The case was filed on July 6, 2010 by the United States Justice Department in the United States District Court for the District of Arizona, a Ninth Circuit court. The case challenged the “Support our Law Enforcement and Safe Neighborhoods Act” as usurping the federal government’s authority to regulate and enforce immigration laws. In doing so, the notion of federal preemption, which is the invalidation of a US state law when it conflicts with federal law, was the main strategy used to argue against the law claiming that the constitution does not permit a patchwork of immigration policies on the state or local level. Of the briefs that were filed by each party, additional Proposed Briefs of Amici Curiae (Latin for “friend of the court”) were filed by states not party to the case, providing information to assist the court in deciding the matter. One of the Proposed Briefs of Amici Curiae was filed jointly by several states in support of Arizona, citing the Obama’s administrations lack of enforcement as giving states more reason to use their own authority to enforce immigration laws in light of having lost control over their borders and having to guess at the reality of Obama’s immigration laws. Additionally, 81 congressmen joined together in support of Arizona and filed an amicus brief while ten Latin American countries in support of the United States jointly filed their own amicus brief.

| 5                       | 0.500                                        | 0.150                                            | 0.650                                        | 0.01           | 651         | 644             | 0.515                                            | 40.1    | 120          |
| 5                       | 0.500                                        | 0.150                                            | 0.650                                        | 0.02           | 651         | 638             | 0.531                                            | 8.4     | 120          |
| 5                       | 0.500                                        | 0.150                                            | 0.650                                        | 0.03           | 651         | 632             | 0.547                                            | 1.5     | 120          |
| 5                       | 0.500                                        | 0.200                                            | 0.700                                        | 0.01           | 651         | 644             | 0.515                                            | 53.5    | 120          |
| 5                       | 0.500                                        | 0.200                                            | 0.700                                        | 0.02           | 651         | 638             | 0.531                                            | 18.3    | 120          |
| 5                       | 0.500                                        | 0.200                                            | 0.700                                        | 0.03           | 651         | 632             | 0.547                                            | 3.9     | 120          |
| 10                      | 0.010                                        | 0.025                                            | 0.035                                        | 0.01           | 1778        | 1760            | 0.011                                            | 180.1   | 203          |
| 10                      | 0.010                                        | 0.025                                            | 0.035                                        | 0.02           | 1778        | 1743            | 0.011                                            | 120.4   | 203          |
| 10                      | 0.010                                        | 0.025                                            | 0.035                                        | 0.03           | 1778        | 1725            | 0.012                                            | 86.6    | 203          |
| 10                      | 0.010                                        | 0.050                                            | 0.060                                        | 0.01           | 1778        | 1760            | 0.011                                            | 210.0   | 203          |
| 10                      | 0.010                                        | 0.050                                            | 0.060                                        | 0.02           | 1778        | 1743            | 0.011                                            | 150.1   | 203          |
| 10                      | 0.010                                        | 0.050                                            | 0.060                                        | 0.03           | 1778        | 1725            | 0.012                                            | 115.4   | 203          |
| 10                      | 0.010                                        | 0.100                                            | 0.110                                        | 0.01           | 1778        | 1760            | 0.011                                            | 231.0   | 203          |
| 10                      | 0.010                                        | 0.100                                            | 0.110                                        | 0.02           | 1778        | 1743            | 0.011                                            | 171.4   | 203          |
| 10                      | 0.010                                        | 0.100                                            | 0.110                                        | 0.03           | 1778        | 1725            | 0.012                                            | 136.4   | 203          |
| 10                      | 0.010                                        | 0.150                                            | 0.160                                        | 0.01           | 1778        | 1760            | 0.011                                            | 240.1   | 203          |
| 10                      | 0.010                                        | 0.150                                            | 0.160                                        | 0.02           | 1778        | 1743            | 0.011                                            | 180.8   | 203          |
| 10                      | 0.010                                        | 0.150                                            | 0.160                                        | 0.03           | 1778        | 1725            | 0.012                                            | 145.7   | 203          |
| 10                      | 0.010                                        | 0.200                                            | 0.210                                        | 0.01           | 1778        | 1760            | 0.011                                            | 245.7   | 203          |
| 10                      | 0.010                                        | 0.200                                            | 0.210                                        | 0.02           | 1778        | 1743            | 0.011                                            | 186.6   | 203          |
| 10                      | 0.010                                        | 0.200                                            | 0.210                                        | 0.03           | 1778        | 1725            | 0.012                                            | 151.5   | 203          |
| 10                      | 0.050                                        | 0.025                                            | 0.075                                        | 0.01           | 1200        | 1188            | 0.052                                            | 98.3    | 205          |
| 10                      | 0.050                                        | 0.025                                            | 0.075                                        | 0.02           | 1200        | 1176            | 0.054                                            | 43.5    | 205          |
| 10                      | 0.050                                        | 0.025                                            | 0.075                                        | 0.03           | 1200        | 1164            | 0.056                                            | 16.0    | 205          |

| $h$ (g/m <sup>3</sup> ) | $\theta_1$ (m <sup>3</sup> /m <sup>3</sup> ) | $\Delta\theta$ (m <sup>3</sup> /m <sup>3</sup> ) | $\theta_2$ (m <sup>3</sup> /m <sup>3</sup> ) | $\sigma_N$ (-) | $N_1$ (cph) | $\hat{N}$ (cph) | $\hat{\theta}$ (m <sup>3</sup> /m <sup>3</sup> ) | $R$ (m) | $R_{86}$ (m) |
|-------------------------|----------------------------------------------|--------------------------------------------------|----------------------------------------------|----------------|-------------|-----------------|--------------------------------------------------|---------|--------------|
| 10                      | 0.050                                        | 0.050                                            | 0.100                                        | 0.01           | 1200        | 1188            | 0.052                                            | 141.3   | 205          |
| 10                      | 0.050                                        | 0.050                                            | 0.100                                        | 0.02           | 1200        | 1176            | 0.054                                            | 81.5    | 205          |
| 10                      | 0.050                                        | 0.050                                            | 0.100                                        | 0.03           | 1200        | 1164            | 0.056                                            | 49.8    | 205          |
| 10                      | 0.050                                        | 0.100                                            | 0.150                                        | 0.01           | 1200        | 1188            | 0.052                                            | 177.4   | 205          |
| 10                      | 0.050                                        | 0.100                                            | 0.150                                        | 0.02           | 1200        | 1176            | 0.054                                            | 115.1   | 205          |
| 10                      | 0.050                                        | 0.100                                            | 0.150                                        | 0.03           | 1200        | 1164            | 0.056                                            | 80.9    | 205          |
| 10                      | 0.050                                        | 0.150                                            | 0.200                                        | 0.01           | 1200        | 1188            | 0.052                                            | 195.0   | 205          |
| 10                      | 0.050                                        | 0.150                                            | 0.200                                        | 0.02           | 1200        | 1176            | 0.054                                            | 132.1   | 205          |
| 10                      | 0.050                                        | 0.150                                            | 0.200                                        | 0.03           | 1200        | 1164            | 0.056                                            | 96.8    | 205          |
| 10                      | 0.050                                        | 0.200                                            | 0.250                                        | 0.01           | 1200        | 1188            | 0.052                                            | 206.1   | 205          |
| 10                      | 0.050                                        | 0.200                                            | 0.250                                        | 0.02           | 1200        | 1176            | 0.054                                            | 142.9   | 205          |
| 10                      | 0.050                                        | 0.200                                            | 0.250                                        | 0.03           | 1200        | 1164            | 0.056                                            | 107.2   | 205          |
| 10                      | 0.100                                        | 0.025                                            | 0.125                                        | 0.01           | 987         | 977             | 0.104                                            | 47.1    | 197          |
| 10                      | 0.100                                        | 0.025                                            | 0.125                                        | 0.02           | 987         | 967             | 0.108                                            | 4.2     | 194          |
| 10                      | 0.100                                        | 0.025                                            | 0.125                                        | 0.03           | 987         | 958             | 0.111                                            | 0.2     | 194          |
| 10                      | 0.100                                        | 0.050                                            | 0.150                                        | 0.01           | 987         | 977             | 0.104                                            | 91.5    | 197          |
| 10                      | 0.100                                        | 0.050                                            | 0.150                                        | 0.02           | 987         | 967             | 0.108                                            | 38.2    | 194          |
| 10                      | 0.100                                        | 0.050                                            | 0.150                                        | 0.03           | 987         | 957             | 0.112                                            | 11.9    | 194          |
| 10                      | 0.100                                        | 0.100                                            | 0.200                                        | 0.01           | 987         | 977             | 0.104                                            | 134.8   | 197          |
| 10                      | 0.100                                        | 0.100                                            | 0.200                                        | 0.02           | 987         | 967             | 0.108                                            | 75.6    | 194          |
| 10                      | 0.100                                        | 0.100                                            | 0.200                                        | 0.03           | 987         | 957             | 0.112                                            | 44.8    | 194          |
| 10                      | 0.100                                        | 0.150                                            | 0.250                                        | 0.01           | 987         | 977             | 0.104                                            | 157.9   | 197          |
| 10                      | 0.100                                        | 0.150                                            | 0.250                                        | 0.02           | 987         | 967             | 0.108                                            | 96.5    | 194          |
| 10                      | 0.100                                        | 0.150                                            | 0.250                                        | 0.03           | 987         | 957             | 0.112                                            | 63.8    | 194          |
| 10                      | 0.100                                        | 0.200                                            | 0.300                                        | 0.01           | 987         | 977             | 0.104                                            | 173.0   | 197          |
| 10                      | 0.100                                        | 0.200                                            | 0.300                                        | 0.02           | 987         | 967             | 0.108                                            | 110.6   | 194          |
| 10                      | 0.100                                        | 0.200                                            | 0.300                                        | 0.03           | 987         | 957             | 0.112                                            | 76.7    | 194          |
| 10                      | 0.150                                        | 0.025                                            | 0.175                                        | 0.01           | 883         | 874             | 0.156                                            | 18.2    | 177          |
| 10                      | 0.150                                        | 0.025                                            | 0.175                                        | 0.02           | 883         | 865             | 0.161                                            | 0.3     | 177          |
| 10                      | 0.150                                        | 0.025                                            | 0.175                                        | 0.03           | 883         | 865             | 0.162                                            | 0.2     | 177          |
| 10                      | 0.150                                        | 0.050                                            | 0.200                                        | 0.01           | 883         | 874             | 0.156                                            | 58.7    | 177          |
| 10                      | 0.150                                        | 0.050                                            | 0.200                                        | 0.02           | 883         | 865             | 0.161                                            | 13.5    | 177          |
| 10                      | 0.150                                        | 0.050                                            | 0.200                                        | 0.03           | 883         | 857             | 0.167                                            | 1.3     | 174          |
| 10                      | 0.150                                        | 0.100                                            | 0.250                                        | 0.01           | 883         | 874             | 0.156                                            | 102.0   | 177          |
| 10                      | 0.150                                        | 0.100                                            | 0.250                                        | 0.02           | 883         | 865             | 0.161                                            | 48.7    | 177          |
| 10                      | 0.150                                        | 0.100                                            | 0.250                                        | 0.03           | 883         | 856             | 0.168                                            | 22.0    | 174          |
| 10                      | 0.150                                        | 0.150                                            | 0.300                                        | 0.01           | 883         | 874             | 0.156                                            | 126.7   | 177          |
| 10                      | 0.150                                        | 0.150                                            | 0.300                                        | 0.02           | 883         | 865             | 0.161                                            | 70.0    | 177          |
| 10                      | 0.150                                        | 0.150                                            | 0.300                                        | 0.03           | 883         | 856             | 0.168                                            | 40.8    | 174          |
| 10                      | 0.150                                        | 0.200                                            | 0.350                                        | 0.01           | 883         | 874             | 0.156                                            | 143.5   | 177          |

Twenty-two days after the case was filed, Judge Susan R. Bolton of the United States District Court for the District of Arizona made her ruling. The law was not blocked in its entirety, but key portions of the law were, including requiring police to check immigration status of anyone stopped or arrested because it could lead to legal immigrants being wrongly detained or deported if the federal government’s ability to review became overwhelmed. Arizona’s Governor Brewer appealed the ruling on July 29, 2010 and a request was made for the case to be expedited through the appeal process.